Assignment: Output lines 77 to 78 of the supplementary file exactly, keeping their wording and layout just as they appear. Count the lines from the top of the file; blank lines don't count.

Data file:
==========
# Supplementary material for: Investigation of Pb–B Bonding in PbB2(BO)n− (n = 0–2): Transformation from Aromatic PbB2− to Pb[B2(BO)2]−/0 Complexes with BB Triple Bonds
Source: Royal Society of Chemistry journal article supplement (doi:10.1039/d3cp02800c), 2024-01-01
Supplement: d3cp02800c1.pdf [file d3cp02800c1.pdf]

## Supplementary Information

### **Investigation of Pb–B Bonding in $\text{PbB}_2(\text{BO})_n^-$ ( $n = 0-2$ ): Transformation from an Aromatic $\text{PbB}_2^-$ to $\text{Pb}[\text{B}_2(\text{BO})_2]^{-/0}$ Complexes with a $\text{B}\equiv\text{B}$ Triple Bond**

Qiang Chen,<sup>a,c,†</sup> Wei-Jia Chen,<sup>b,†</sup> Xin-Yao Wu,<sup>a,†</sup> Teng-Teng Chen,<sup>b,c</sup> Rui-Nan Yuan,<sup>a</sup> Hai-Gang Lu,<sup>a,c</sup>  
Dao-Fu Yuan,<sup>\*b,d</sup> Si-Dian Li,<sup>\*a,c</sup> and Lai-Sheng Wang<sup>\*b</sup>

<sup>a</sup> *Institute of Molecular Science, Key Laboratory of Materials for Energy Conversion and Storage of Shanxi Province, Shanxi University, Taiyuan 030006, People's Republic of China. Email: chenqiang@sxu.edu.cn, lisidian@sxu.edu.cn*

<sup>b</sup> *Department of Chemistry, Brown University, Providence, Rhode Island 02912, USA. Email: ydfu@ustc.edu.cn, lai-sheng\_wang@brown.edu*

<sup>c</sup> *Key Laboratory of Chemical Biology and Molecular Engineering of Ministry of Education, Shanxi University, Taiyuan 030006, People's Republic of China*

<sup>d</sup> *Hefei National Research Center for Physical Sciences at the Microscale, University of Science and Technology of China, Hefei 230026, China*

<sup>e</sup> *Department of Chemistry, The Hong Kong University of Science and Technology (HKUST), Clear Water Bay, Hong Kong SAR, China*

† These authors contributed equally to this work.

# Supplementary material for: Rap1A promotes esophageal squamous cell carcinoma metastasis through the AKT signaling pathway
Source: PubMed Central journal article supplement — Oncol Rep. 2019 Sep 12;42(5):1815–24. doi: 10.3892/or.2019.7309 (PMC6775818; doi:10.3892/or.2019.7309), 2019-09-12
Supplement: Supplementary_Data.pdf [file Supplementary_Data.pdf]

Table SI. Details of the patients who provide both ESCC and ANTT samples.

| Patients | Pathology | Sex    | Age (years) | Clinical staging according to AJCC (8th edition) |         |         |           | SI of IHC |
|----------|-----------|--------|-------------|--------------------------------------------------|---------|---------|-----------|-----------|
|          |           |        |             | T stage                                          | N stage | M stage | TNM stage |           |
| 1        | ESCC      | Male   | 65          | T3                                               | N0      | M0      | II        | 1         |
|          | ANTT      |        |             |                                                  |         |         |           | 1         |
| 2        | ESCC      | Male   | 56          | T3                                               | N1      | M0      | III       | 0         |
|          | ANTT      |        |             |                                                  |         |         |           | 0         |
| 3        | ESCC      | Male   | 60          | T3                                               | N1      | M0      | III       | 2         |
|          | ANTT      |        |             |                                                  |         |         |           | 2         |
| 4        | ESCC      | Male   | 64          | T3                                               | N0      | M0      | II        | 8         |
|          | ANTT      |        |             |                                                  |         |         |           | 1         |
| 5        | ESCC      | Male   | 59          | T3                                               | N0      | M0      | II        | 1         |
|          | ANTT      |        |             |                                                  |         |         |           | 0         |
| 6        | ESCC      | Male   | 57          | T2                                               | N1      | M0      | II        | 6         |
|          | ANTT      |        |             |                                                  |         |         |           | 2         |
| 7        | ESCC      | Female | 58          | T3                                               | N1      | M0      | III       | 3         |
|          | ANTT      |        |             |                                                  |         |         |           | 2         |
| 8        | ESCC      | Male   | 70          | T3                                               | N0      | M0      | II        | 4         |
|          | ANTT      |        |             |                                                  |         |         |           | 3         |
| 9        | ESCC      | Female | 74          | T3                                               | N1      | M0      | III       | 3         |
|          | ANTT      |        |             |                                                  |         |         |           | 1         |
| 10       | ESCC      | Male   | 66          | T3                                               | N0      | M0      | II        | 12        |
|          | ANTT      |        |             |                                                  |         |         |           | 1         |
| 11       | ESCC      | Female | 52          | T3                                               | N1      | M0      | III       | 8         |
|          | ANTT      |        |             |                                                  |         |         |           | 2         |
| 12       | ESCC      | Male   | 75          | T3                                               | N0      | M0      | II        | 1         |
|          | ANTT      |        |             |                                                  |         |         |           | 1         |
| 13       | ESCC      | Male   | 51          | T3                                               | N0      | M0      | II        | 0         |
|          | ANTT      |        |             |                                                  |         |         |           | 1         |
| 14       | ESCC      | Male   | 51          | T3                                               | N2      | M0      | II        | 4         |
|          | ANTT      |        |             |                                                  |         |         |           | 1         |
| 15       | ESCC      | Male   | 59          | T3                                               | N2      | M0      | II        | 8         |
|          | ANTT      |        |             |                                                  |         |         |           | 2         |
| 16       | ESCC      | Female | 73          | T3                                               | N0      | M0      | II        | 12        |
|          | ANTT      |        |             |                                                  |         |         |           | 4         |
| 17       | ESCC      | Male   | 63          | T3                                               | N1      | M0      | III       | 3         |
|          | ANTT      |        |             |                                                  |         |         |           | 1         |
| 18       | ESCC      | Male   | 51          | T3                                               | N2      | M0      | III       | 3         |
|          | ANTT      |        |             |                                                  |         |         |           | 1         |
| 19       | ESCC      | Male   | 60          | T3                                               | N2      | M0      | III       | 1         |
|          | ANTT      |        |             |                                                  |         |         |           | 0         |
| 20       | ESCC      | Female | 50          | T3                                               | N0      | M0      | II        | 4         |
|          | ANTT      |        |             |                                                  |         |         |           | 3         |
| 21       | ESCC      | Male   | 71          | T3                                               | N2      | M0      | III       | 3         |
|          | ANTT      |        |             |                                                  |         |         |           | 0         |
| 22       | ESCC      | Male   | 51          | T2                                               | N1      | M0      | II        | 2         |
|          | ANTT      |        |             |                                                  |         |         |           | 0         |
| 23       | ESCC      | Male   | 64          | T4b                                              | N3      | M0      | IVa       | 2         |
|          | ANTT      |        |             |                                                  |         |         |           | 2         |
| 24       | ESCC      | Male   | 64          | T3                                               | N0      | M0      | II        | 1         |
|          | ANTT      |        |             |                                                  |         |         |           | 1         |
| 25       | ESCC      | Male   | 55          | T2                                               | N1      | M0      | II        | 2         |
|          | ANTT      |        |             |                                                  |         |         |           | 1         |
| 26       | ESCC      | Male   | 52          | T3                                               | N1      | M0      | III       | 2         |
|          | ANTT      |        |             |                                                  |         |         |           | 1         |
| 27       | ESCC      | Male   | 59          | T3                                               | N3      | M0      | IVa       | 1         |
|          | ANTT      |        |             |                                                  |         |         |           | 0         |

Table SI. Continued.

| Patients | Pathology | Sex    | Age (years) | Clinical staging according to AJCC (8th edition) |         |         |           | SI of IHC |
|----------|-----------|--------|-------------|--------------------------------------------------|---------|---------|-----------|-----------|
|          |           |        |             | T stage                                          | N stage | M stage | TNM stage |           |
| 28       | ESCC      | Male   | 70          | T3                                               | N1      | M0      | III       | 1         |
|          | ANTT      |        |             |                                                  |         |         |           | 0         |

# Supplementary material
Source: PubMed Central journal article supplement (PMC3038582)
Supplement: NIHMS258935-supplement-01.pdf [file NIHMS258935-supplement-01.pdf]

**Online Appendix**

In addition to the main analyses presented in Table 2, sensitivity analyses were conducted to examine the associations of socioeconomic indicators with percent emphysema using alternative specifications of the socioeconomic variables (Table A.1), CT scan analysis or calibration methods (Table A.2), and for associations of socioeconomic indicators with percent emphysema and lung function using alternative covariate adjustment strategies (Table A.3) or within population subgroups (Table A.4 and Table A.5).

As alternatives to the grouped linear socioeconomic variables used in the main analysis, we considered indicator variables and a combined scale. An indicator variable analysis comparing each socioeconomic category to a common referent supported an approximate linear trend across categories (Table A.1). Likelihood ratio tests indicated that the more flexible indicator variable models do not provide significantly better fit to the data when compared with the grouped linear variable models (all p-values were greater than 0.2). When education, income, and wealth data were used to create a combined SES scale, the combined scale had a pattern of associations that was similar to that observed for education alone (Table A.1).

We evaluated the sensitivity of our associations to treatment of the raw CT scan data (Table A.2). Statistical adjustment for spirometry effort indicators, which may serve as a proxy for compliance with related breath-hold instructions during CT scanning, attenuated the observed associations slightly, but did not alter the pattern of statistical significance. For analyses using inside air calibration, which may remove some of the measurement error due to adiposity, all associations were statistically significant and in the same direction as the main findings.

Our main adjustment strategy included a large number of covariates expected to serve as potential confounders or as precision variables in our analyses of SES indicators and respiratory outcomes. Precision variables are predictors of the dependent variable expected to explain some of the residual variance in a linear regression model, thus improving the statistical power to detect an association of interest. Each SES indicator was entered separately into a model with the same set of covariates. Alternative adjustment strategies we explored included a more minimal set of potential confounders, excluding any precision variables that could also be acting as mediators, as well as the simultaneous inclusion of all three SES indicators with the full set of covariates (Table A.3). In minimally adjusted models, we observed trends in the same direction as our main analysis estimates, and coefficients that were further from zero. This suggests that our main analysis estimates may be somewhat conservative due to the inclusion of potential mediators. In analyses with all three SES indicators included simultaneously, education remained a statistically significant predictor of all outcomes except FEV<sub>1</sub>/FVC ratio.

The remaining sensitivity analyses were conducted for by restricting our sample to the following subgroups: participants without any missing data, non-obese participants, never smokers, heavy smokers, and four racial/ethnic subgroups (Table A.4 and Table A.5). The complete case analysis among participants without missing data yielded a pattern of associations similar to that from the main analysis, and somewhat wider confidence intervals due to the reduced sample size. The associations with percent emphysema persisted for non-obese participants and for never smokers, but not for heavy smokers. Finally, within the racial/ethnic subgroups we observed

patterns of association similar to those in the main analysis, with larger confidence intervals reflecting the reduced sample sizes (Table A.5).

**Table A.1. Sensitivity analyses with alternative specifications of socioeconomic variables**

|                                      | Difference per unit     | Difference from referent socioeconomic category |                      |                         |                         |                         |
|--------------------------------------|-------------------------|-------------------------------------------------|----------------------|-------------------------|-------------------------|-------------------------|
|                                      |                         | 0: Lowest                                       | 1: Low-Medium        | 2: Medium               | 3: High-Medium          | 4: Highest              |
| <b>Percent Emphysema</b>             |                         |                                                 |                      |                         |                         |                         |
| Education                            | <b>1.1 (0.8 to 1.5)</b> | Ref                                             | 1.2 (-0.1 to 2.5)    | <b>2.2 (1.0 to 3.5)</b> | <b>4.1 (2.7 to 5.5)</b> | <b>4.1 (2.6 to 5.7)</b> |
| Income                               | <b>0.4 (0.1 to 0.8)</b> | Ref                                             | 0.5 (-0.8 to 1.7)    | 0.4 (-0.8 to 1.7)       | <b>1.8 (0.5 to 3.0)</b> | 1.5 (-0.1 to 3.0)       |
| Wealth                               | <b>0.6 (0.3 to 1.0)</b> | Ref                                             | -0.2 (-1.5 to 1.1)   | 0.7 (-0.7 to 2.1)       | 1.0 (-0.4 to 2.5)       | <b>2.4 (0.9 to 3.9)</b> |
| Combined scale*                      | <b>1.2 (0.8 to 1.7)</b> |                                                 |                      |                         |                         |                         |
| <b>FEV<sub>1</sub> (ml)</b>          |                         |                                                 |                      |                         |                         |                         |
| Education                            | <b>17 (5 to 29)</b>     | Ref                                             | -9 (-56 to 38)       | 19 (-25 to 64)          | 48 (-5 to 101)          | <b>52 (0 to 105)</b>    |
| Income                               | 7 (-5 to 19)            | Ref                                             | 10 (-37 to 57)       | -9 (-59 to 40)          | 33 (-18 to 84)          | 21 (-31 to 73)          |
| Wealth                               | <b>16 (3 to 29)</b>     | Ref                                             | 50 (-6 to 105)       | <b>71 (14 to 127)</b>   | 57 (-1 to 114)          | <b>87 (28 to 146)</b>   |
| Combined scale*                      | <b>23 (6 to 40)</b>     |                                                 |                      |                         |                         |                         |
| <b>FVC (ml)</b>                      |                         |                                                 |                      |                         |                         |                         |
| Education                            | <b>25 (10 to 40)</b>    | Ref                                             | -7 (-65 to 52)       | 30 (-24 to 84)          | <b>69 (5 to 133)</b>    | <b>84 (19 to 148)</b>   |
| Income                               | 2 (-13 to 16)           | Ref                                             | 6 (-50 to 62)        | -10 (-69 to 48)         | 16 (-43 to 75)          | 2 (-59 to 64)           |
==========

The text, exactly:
|----------|-----------|--------|-------------|--------------------------------------------------|---------|---------|-----------|-----------|
|          |           |        |             | T stage                                          | N stage | M stage | TNM stage |           |